Anya von Bremzen's Roasted Halibut
Giada de Laurentiis's Penne with Spinach Sauce

Le Pain Quotidien's Belgian Brownies


Just who, exactly, was I kidding when I thought it was a good idea to go easy on the sugar in the waning days of winter and a most stressful time at work? I have seen the light, my friends, and it comes in the form of individual chocolate brownies that when eaten for breakfast or a midnight snack can easily be substituted for illicit drugs or alcohol as self-medication in dire times.

Not only do the chocolate and butterfat and sugar do wonders in perking up the most depressed of souls, but distributing them at will helps, too. It must have something to do with karma, but if you bake up a batch of these and throw a few at your boyfriend and his mother and your doctor's receptionist and the doorman of your office building and your poor starving coworkers (while saving a couple for yourself, for crying out loud), I guarantee any foul mood will slink wretchedly out the window.

Described as "brownies" by both Le Pain Quotidien and the Los Angeles Times, these little chocolate cakes are soft and creamy on the inside with a thin top crust that shatters under pressure. As far as I'm concerned, "brownies" is a misnomer. These are airy (practically flourless) delights that aren't fudgy or cakey or any of the other characteristics that have people's emotions running high when the virtues of a good brownie come up in conversation. They're rich but still delicate (Ben complained about the structure of them while eating a few hunched over the sink last night) and would be best unmolded on a plate with a huge melting scoop of ice cream creating little vanilla rivulets all around.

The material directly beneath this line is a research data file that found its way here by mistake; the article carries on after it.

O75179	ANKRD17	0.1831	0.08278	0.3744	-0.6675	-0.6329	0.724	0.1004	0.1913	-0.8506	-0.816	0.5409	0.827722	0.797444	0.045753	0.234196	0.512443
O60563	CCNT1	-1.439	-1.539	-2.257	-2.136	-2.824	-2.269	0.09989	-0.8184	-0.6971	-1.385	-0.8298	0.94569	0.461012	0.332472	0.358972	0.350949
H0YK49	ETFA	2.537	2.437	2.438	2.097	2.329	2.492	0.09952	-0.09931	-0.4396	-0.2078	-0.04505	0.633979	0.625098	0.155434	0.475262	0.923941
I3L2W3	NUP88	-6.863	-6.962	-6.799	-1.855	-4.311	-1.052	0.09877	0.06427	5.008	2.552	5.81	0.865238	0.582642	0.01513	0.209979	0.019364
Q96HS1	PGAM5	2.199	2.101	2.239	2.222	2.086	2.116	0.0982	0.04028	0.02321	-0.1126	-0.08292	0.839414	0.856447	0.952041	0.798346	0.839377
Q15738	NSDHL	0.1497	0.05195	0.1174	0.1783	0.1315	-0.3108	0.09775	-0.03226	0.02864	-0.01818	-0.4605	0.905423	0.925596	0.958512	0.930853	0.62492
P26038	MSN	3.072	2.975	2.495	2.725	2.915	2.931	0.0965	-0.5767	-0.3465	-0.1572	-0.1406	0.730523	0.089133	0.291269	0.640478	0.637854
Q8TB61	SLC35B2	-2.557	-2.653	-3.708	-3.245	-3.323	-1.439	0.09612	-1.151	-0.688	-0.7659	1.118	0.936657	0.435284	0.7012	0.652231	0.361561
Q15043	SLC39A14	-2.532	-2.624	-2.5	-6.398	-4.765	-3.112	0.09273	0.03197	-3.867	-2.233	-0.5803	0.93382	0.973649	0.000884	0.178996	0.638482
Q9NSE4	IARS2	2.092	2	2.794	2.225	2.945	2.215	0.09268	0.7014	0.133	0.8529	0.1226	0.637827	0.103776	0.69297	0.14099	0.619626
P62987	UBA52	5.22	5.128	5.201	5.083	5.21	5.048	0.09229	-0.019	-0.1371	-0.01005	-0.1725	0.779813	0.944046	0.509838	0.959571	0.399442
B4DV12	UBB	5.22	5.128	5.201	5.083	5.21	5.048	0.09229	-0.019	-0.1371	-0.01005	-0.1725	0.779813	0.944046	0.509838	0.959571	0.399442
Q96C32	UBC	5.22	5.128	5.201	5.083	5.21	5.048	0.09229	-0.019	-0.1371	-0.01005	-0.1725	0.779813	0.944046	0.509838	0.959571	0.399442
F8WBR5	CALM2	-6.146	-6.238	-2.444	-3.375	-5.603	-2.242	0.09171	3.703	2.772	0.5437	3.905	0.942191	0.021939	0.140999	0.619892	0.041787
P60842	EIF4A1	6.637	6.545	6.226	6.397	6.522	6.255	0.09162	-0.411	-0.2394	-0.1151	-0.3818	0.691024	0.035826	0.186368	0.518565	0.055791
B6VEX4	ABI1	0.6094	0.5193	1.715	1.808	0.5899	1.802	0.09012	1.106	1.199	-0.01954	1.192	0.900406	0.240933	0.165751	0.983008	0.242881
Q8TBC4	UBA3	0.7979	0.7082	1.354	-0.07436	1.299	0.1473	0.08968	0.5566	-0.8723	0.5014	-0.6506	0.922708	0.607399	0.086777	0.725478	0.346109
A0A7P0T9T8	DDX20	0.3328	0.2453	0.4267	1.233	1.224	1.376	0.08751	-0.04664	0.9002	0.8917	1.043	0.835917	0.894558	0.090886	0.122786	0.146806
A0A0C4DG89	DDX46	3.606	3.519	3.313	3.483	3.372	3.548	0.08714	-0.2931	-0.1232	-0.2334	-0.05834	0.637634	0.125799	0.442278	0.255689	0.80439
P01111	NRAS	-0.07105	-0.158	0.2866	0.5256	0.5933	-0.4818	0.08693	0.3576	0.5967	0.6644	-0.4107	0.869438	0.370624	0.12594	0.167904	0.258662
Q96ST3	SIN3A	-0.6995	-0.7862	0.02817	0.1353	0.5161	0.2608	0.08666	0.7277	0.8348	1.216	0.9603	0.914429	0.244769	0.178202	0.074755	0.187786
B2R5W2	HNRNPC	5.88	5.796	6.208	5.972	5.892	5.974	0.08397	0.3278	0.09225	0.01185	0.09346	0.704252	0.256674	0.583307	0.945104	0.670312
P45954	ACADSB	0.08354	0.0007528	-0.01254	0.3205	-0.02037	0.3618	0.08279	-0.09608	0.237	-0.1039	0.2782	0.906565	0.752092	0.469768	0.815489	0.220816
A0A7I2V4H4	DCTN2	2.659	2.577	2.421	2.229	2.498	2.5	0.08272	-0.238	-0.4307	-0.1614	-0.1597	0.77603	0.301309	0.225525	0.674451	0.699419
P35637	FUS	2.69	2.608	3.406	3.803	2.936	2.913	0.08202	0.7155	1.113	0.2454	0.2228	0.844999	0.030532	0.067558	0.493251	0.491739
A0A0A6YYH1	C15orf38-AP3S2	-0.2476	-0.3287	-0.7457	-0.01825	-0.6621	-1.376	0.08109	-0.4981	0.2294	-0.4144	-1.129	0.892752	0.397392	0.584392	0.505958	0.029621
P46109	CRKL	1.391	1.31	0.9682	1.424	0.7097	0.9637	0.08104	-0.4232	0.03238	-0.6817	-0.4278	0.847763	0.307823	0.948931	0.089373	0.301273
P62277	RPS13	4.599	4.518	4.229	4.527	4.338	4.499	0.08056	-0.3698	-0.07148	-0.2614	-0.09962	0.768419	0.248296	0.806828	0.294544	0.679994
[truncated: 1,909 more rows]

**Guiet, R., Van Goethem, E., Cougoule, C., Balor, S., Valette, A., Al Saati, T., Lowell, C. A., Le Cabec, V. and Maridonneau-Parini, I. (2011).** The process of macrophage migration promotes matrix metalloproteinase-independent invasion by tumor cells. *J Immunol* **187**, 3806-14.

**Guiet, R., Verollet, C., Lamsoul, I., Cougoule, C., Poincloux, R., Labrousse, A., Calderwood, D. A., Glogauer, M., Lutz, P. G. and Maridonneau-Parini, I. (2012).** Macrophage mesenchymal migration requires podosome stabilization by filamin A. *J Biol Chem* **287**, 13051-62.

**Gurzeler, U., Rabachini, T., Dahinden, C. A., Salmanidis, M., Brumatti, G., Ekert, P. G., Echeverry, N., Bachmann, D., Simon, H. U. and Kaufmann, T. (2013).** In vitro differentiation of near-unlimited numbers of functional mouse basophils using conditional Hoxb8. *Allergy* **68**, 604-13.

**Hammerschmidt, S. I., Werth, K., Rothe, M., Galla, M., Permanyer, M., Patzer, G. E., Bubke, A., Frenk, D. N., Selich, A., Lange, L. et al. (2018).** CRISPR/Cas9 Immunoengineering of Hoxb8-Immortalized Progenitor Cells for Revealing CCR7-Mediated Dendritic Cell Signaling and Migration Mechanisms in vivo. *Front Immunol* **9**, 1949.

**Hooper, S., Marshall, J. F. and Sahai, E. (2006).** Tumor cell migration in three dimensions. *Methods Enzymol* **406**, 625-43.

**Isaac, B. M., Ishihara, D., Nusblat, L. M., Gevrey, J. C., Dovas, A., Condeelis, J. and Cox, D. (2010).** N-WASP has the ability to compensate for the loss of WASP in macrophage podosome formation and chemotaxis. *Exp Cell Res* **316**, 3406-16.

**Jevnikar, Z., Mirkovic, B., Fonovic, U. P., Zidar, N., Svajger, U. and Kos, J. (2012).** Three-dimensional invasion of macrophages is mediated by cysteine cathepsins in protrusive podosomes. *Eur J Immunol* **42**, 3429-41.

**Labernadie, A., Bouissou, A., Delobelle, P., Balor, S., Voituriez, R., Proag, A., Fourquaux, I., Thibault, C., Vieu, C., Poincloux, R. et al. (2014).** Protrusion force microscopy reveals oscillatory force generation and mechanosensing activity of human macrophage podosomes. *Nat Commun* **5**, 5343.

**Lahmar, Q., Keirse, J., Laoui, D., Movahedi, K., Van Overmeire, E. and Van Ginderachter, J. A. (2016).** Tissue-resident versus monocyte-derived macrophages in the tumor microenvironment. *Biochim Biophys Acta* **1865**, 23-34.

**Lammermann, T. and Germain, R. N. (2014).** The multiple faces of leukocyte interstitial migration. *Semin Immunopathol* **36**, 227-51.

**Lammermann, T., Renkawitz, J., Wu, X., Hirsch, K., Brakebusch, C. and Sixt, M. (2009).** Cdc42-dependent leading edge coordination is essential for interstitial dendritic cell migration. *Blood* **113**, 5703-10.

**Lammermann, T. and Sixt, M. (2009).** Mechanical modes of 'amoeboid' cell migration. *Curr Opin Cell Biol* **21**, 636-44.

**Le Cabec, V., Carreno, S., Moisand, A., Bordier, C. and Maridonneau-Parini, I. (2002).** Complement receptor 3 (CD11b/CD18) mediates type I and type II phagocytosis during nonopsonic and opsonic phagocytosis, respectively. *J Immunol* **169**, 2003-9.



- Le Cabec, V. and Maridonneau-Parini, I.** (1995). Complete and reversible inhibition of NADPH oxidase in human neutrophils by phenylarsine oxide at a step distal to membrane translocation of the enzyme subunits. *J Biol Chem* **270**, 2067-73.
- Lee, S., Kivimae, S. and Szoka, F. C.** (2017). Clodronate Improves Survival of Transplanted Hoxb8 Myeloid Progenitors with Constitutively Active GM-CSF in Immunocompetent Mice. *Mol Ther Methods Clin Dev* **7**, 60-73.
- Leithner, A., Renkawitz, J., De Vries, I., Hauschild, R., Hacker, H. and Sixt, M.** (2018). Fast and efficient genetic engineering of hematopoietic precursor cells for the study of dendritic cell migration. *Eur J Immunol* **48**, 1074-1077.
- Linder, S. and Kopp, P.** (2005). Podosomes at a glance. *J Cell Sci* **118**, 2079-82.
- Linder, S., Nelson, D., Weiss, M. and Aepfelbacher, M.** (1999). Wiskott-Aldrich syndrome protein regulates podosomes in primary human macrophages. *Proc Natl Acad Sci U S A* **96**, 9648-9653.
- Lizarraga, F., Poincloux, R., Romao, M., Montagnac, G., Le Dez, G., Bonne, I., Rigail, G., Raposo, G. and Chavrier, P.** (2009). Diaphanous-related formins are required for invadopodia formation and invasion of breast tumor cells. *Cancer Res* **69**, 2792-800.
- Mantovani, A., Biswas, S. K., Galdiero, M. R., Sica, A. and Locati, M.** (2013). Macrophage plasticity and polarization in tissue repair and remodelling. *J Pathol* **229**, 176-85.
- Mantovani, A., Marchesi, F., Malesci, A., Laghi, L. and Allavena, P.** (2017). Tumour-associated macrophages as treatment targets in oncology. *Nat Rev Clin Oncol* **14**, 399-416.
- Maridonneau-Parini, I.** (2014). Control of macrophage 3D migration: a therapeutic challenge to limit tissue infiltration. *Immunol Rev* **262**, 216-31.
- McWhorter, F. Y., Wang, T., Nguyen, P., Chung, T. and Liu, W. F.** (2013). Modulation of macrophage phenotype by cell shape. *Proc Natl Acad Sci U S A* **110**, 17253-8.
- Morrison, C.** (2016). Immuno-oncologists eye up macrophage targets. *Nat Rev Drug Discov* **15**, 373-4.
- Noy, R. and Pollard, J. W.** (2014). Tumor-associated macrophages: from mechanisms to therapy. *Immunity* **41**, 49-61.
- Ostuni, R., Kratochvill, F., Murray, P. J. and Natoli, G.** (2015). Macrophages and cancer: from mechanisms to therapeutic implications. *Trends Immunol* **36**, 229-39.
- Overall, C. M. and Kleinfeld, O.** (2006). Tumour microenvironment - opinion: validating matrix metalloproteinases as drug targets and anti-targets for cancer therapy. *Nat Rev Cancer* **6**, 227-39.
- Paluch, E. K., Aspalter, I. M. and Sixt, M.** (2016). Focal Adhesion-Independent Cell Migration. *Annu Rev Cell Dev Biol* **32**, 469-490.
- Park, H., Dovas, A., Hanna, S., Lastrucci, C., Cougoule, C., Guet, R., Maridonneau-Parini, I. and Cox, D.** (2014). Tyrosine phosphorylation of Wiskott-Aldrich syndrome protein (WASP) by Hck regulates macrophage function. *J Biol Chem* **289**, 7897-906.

I prepared these cakelets while watching Oprah cry as Sidney Poitier walked out on her stage unexpectedly - a deep chocolate aroma filled the air, I snuggled deeper into my couch, and another person's happiness proved to be the best distraction from an overwhelming world.

Belgian Brownies
Makes 14 brownies

9 ounces bittersweet chocolate (60 - 64% cacao)
1 cup plus 2 tablespoons butter, cut into small pieces
5 eggs, beaten lightly with a fork
1 1/3 cups superfine sugar
3 tablespoons pastry flour

1. Roughly chop the chocolate into pieces. Transfer to a medium-sized bowl and add the butter. Place the bowl over a saucepan of simmering water, until the two ingredients have melted. Mix well and transfer to a large bowl; set aside.

2. Preheat the oven to 325 degrees. Sift the sugar and flour together, then stir into the chocolate. Add the eggs and mix well. Cover and let rest at room temperature for 30 minutes. The batter will thicken as it stands.

3. Line a muffin tin with cupcake papers. Spoon one-fourth cup batter into each paper-lined cup. Bake 30 to 35 minutes. The brownies will still be moist when done; they will puff up and fall slightly as they cool.